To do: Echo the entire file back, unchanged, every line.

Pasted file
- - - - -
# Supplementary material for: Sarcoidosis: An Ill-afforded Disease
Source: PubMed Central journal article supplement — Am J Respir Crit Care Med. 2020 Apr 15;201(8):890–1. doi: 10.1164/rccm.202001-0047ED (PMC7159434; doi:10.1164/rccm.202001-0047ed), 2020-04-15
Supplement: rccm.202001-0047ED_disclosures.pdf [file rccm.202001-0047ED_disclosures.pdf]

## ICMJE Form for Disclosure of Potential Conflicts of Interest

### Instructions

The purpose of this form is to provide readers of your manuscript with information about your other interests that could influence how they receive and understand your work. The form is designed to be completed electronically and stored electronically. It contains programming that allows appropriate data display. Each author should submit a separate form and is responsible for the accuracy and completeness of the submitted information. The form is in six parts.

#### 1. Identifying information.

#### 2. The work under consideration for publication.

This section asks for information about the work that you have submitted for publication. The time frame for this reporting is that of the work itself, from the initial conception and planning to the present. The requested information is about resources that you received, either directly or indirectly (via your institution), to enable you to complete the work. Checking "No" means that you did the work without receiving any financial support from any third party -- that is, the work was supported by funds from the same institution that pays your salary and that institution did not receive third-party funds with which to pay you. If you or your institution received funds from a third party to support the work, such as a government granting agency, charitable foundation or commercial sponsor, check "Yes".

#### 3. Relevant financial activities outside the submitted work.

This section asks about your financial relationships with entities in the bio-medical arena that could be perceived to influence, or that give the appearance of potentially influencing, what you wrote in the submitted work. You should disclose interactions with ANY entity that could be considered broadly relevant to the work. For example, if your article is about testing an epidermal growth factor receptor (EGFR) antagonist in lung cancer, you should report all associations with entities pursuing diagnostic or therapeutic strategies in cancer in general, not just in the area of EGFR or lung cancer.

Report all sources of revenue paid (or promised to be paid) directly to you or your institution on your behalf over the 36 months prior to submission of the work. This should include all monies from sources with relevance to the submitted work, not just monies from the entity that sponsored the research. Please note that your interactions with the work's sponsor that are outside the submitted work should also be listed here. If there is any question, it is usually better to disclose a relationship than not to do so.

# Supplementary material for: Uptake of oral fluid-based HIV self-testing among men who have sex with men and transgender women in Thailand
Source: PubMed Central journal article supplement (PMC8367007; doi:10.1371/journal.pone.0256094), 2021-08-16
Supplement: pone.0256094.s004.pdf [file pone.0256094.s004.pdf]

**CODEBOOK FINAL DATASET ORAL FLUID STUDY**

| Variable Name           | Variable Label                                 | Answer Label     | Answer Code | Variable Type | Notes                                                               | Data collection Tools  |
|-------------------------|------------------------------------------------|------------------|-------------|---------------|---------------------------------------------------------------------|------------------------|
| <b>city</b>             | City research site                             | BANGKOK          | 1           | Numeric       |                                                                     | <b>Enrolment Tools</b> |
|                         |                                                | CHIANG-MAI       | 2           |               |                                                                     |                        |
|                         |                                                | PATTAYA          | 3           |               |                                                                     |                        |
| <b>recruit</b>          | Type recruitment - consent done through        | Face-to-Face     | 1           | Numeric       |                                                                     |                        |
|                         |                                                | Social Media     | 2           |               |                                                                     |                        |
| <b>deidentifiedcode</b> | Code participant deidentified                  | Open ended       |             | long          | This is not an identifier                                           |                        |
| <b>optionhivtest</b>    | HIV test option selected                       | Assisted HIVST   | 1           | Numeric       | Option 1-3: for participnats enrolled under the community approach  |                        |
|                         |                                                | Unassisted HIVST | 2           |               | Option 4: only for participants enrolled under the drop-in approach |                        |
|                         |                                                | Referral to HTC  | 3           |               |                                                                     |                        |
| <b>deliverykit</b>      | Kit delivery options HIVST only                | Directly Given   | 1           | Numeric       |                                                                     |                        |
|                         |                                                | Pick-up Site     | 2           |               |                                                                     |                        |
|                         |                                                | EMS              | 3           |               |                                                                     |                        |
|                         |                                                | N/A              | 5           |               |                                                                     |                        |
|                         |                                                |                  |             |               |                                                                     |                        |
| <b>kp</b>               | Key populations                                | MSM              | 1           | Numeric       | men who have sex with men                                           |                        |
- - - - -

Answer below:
# Supplementary material for: Sarcoidosis: An Ill-afforded Disease
Source: PubMed Central journal article supplement — Am J Respir Crit Care Med. 2020 Apr 15;201(8):890–1. doi: 10.1164/rccm.202001-0047ED (PMC7159434; doi:10.1164/rccm.202001-0047ed), 2020-04-15
Supplement: rccm.202001-0047ED_disclosures.pdf [file rccm.202001-0047ED_disclosures.pdf]

## ICMJE Form for Disclosure of Potential Conflicts of Interest

### Instructions

The purpose of this form is to provide readers of your manuscript with information about your other interests that could influence how they receive and understand your work. The form is designed to be completed electronically and stored electronically. It contains programming that allows appropriate data display. Each author should submit a separate form and is responsible for the accuracy and completeness of the submitted information. The form is in six parts.

#### 1. Identifying information.

#### 2. The work under consideration for publication.

This section asks for information about the work that you have submitted for publication. The time frame for this reporting is that of the work itself, from the initial conception and planning to the present. The requested information is about resources that you received, either directly or indirectly (via your institution), to enable you to complete the work. Checking "No" means that you did the work without receiving any financial support from any third party -- that is, the work was supported by funds from the same institution that pays your salary and that institution did not receive third-party funds with which to pay you. If you or your institution received funds from a third party to support the work, such as a government granting agency, charitable foundation or commercial sponsor, check "Yes".

#### 3. Relevant financial activities outside the submitted work.

This section asks about your financial relationships with entities in the bio-medical arena that could be perceived to influence, or that give the appearance of potentially influencing, what you wrote in the submitted work. You should disclose interactions with ANY entity that could be considered broadly relevant to the work. For example, if your article is about testing an epidermal growth factor receptor (EGFR) antagonist in lung cancer, you should report all associations with entities pursuing diagnostic or therapeutic strategies in cancer in general, not just in the area of EGFR or lung cancer.

Report all sources of revenue paid (or promised to be paid) directly to you or your institution on your behalf over the 36 months prior to submission of the work. This should include all monies from sources with relevance to the submitted work, not just monies from the entity that sponsored the research. Please note that your interactions with the work's sponsor that are outside the submitted work should also be listed here. If there is any question, it is usually better to disclose a relationship than not to do so.

# Supplementary material for: Uptake of oral fluid-based HIV self-testing among men who have sex with men and transgender women in Thailand
Source: PubMed Central journal article supplement (PMC8367007; doi:10.1371/journal.pone.0256094), 2021-08-16
Supplement: pone.0256094.s004.pdf [file pone.0256094.s004.pdf]

**CODEBOOK FINAL DATASET ORAL FLUID STUDY**

| Variable Name           | Variable Label                                 | Answer Label     | Answer Code | Variable Type | Notes                                                               | Data collection Tools  |
|-------------------------|------------------------------------------------|------------------|-------------|---------------|---------------------------------------------------------------------|------------------------|
| <b>city</b>             | City research site                             | BANGKOK          | 1           | Numeric       |                                                                     | <b>Enrolment Tools</b> |
|                         |                                                | CHIANG-MAI       | 2           |               |                                                                     |                        |
|                         |                                                | PATTAYA          | 3           |               |                                                                     |                        |
| <b>recruit</b>          | Type recruitment - consent done through        | Face-to-Face     | 1           | Numeric       |                                                                     |                        |
|                         |                                                | Social Media     | 2           |               |                                                                     |                        |
| <b>deidentifiedcode</b> | Code participant deidentified                  | Open ended       |             | long          | This is not an identifier                                           |                        |
| <b>optionhivtest</b>    | HIV test option selected                       | Assisted HIVST   | 1           | Numeric       | Option 1-3: for participnats enrolled under the community approach  |                        |
|                         |                                                | Unassisted HIVST | 2           |               | Option 4: only for participants enrolled under the drop-in approach |                        |
|                         |                                                | Referral to HTC  | 3           |               |                                                                     |                        |
| <b>deliverykit</b>      | Kit delivery options HIVST only                | Directly Given   | 1           | Numeric       |                                                                     |                        |
|                         |                                                | Pick-up Site     | 2           |               |                                                                     |                        |
|                         |                                                | EMS              | 3           |               |                                                                     |                        |
|                         |                                                | N/A              | 5           |               |                                                                     |                        |
|                         |                                                |                  |             |               |                                                                     |                        |
| <b>kp</b>               | Key populations                                | MSM              | 1           | Numeric       | men who have sex with men                                           |                        |